In 1989, James A. Smith executed a durable power of attorney in which he appointed his longtime friends and business associates, David J. Adams and Alfred H. Carl, as his attorneys-in-fact. In the durable power of attorney, he also nominated them as his guardians in the event of his future incapacity.
In October 1996, after Mr. Smith had developed dementia, Mr. Smith’s wife and daughter filed a petition for guardianship, requesting that Mrs. Smith and James F. Linnehan, a family friend, be appointed as Mr. Smith’s guardians. A hearing was held, and the only evidence presented by Mrs. Smith and Mr. Linnehan was that there was friction between David Adams and the Smith family. The court agreed with Mrs. Smith and Mr. Linnehan and appointed them as the guardians of Mr. Smith.
In an appeal to the Massachusetts Court of Appeals, the court held that except for good cause or disqualification, the probate court must appoint the person nominated by the principal as guardian. In this case, the court could find no substantiated evidence that would disqualify Mr. Adams and Mr. Carl to be guardians for Mr. Smith. The court placed the burden on Mrs. Smith and Mr. Linnehan to show that Mr. Adams and Mr. Carl were unable to adequately perform as the guardians for Mr. Smith.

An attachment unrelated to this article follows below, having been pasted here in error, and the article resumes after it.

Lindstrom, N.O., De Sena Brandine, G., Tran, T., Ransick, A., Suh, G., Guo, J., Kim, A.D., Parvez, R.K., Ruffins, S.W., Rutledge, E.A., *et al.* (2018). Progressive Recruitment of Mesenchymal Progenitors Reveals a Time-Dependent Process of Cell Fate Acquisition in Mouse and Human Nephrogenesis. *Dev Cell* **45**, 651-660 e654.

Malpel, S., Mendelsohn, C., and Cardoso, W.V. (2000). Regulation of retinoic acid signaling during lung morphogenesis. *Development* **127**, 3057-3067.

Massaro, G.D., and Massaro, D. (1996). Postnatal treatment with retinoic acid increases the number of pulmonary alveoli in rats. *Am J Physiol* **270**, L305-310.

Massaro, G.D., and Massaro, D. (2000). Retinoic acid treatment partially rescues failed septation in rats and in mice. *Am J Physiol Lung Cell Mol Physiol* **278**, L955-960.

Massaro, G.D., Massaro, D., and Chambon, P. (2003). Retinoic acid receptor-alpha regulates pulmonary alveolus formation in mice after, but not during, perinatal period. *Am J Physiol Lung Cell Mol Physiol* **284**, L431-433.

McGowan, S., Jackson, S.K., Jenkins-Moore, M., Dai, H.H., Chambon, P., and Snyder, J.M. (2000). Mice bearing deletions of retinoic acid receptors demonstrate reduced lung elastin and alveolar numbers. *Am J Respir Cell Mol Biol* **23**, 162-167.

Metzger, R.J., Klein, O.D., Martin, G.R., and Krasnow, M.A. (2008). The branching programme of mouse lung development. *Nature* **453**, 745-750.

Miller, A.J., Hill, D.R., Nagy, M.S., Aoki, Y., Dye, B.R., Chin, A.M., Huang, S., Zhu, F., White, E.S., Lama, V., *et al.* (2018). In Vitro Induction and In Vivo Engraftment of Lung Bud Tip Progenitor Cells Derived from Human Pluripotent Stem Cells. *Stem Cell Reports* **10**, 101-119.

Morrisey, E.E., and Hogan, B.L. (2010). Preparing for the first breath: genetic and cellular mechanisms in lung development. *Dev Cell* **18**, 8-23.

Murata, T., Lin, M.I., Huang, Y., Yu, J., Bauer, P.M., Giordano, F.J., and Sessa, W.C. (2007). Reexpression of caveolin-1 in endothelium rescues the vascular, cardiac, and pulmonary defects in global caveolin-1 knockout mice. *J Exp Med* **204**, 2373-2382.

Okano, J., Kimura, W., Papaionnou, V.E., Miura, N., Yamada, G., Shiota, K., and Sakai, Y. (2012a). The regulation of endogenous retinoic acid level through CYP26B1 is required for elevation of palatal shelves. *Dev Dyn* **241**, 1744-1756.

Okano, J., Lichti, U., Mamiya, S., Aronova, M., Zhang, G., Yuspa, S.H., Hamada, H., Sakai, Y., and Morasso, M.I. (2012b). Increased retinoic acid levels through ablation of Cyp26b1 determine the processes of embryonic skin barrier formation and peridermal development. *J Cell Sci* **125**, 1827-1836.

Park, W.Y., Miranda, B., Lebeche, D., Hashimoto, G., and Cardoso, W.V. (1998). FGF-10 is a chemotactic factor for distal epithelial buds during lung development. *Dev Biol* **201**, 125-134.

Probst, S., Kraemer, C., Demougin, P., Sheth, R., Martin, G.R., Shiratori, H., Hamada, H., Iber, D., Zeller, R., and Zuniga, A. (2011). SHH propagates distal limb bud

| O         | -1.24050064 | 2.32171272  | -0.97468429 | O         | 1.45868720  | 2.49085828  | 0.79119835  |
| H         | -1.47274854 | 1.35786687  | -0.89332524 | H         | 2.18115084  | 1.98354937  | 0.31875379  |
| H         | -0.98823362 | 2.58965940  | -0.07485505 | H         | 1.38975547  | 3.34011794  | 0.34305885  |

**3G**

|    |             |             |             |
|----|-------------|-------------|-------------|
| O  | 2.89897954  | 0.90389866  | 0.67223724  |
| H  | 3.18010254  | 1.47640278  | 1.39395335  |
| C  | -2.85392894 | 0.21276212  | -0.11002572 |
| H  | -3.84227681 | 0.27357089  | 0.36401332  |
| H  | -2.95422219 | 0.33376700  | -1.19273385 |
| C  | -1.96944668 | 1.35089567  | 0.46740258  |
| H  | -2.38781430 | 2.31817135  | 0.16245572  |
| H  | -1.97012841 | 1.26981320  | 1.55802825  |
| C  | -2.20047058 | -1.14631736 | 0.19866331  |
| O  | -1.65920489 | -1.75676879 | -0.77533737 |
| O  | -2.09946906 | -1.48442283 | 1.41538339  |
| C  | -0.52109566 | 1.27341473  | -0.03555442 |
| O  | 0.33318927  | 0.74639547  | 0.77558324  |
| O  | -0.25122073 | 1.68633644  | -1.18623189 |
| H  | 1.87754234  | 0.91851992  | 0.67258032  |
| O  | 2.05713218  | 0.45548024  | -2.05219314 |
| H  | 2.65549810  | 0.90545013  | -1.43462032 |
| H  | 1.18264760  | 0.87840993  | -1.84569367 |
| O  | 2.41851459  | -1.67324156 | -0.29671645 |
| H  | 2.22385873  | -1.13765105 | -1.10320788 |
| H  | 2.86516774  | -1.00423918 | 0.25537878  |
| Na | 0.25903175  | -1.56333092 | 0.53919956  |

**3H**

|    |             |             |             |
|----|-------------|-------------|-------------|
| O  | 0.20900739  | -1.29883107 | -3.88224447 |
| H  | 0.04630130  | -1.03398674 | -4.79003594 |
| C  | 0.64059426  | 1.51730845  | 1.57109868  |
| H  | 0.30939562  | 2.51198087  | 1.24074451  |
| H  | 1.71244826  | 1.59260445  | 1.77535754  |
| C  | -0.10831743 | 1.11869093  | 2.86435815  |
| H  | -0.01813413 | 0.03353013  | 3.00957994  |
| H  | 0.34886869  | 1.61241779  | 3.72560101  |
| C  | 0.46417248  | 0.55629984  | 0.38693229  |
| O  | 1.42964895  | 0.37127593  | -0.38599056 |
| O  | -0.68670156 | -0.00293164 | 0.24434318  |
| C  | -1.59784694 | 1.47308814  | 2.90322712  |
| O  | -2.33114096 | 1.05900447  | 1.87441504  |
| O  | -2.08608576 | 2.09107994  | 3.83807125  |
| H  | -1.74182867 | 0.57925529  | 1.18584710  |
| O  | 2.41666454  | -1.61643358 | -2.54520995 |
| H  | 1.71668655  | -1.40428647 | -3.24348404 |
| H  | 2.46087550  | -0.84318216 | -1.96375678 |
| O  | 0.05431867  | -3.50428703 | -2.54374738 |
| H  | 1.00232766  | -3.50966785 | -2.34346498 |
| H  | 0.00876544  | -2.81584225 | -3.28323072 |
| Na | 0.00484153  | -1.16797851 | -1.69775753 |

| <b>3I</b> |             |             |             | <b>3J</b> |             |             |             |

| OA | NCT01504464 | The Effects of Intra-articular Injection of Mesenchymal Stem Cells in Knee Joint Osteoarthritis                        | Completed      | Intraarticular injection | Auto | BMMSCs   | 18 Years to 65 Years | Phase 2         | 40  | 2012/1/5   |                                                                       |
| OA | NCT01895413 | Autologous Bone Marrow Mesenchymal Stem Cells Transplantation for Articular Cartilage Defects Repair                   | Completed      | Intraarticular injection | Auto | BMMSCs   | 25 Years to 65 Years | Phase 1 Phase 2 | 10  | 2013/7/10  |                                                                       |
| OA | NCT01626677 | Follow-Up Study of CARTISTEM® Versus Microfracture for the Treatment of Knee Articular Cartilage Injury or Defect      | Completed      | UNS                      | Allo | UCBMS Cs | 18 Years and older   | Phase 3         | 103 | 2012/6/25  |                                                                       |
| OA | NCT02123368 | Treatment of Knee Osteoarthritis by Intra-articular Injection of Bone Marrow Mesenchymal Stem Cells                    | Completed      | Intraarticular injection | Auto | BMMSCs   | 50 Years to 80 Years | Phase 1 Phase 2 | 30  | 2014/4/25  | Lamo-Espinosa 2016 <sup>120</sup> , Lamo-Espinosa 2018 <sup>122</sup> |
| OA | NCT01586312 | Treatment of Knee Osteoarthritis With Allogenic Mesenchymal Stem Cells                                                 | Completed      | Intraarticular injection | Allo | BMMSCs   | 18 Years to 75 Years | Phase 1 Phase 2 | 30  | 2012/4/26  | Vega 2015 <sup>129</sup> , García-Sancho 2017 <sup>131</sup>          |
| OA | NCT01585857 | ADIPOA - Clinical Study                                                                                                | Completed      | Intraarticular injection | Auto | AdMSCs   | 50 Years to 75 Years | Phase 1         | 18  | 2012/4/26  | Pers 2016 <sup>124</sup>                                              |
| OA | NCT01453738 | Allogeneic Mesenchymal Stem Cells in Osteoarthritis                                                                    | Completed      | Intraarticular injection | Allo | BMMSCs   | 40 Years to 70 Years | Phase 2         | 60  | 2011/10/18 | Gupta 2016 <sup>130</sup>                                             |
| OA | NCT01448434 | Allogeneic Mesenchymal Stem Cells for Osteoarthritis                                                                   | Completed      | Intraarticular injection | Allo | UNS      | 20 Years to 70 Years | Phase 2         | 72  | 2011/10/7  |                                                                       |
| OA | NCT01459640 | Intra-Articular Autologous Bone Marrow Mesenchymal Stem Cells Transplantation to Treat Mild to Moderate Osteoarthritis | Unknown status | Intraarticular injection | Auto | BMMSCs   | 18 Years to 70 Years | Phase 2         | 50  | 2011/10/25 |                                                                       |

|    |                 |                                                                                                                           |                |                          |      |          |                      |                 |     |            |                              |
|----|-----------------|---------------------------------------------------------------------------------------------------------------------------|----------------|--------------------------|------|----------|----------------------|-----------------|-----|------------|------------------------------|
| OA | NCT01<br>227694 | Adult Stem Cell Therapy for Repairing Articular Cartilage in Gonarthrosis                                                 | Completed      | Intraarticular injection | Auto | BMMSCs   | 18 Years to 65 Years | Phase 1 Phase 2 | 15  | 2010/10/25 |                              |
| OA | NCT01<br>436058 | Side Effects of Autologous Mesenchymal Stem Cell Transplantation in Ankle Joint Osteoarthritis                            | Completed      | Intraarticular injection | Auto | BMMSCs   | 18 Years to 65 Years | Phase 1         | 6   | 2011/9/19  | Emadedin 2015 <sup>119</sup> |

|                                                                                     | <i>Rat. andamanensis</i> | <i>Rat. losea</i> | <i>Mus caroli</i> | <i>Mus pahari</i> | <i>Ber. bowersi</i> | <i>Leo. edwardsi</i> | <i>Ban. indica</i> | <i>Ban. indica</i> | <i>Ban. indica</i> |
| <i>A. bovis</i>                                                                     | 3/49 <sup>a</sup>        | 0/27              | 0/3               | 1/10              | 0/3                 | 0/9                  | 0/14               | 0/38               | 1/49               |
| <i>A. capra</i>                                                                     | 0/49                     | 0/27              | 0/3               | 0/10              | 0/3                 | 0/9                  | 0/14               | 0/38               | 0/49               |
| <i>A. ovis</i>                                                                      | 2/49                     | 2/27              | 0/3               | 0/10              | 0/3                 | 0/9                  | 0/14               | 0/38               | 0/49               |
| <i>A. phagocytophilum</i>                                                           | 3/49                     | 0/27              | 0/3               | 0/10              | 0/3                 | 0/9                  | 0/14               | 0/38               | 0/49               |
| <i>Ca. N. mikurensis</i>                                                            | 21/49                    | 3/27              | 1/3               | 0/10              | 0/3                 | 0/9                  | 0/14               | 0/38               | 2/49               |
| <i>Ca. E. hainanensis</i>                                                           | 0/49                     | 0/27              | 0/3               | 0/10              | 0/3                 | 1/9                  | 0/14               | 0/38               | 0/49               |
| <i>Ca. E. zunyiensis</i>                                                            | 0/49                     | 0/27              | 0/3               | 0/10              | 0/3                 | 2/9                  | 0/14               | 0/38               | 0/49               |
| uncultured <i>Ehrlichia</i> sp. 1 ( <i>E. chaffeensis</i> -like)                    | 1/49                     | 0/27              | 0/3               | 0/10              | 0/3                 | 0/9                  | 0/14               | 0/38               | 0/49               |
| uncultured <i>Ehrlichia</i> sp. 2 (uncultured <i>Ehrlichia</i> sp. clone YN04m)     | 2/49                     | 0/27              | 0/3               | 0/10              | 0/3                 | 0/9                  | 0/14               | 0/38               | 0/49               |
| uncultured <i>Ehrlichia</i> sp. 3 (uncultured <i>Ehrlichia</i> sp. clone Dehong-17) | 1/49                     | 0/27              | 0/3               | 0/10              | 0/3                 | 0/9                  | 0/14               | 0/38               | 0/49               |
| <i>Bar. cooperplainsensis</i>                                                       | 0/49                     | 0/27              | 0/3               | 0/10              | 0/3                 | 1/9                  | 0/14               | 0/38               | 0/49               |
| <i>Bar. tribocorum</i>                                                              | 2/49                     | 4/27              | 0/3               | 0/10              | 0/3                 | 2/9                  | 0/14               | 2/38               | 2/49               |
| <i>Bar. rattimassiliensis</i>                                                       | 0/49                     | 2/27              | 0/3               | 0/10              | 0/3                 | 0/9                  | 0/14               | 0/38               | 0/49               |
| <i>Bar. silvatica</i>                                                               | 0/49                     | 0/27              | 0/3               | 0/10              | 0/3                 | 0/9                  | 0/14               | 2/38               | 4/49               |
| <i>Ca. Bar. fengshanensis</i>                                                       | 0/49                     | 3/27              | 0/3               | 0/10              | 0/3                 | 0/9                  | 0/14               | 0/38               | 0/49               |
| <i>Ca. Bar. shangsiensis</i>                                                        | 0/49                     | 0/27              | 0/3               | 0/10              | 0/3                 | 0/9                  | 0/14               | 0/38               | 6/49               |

This case drives home a point that we try to make to our clients and at all of our seminars. Your power of attorney needs to include that person(s) whom you would like to be your guardian or conservator in the event that someone tries to upset your power of attorney by filing a guardianship proceeding.
This tactic that occurred in Massachusetts of trying to do an “end run” around Mr. Smith’s very clear instructions is not a new phenomenon.
Review your power of attorney. Does it contain a nomination of a guardian and conservator?